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Depriving Civil Rights

Depriving Civil Rights - Depriving Civil Rights An...

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Criminal Justice Review Volume 34 Number 2 June 2009 196-209 © 2009 Georgia State University Research FoundatioD, Inc. Depriving Civil Rights 10.117107341832220 http://cjcrsa-ýepub.corn hosted at An Exploration of 18 U.S.C. 242 Criminal http://01itine.sagepub.com Prosecutions 2001-2006 Brian R. Johnson Phillip B. Bridgmon University of North Alabama, Florence To date, very little empirical work has been conducted that examines the Department of Justice's (DOJ) prosecutions of criminal civil rights violations under federal criminal code 18 U.S.C. 242. The purpose of the research is to begin a formal examination of the DOJ prosecu- tions of justice system officials by examining the types of cases that are selected for prosecu- tion, in which area of the justice system do they occur, and their relationship to the overall number of complaints. Using a unique dataset, all prosecutions under 18 U.S.C. 242 from 2001-2006 were examined. Findings reveal that most complaints are levied against local police and correctional officers, prosecutions are not evenly distributed across federal circuits, and acquittal rates are extremely low. Additional noteworthy findings include significant vari- ations in offense type among justice professions, whereby police officers typically are charged with robbery/theft while correctional officers are prosecuted for excessive force. Keywords: civil rights; 18 U.S.C. 242; police misconduct; organization deviance; federal prosecution E ach year, the U.S. Department of Justice (DOJ) receives thousands of complaints regarding the deprivation of citizen's civil rights by criminal justice officials. The DOJ's handling of criminal deprivation of civil rights cases, however, has been a source of speculation among journalists, government watchdogs, interest groups, and scholars alike. Their speculation is that the DOJ has failed to rigorously pursue these types of cases. Recently, Congress has also become concerned regarding the variation in the number of cases prosecuted from year to year (Transactional Records Access Clearinghouse [TRAC], 2008). With the prosecution of criminal deprivation of civil rights cases on a 20-year decline, observers are left to wonder if the abuse of suspects is a problem their government takes seriously. To be fair, without knowing how the DOJ determines the priority of cases, it is difficult to conclude that the DOJ is ignoring instances of suspect civil rights violations. This research seeks to begin filling this void by examining the types of cases that are pros- ecuted involving violations of a citizen's rights. It will provide insight into the types of crimes committed against citizens and suspects, providing a typology that can be used in policy development and implementation. Criminal actions by police and correctional officers have always been a concern for criminal justice organizations and administrators. Such actions are usually categorized under the rubric of occupational deviance, which are actions that violate the standards of 196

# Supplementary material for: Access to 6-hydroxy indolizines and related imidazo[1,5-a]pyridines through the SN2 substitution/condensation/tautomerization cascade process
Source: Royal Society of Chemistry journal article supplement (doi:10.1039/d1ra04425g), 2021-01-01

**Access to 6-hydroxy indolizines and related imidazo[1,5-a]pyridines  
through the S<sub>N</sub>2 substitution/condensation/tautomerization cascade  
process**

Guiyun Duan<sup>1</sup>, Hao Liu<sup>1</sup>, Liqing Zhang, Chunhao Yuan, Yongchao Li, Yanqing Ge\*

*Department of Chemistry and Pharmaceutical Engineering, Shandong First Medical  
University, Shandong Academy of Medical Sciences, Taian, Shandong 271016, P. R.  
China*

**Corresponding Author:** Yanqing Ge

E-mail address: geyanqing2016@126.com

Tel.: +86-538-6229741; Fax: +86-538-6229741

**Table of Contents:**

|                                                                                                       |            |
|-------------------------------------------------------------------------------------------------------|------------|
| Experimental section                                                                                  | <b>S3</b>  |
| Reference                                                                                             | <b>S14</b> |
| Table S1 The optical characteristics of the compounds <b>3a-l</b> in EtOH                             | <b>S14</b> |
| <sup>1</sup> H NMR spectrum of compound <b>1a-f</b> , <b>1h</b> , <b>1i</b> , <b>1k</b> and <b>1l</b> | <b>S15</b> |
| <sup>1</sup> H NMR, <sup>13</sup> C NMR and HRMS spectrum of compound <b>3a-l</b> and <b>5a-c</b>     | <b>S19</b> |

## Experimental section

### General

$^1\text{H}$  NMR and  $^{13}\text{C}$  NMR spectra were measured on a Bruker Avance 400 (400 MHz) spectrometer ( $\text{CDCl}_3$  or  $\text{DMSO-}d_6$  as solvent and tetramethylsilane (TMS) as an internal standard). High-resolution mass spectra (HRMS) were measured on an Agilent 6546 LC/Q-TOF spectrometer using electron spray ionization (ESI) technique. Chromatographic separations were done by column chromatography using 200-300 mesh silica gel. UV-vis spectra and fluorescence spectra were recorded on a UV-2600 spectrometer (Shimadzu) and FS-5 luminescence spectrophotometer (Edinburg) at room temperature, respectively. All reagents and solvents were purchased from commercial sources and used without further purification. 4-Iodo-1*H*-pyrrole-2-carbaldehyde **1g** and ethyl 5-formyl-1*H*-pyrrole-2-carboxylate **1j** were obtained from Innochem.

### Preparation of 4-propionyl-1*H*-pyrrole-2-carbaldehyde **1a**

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Johnson, Bridgmon / Depriving Civil Rights 197 expected ethical conduct that are
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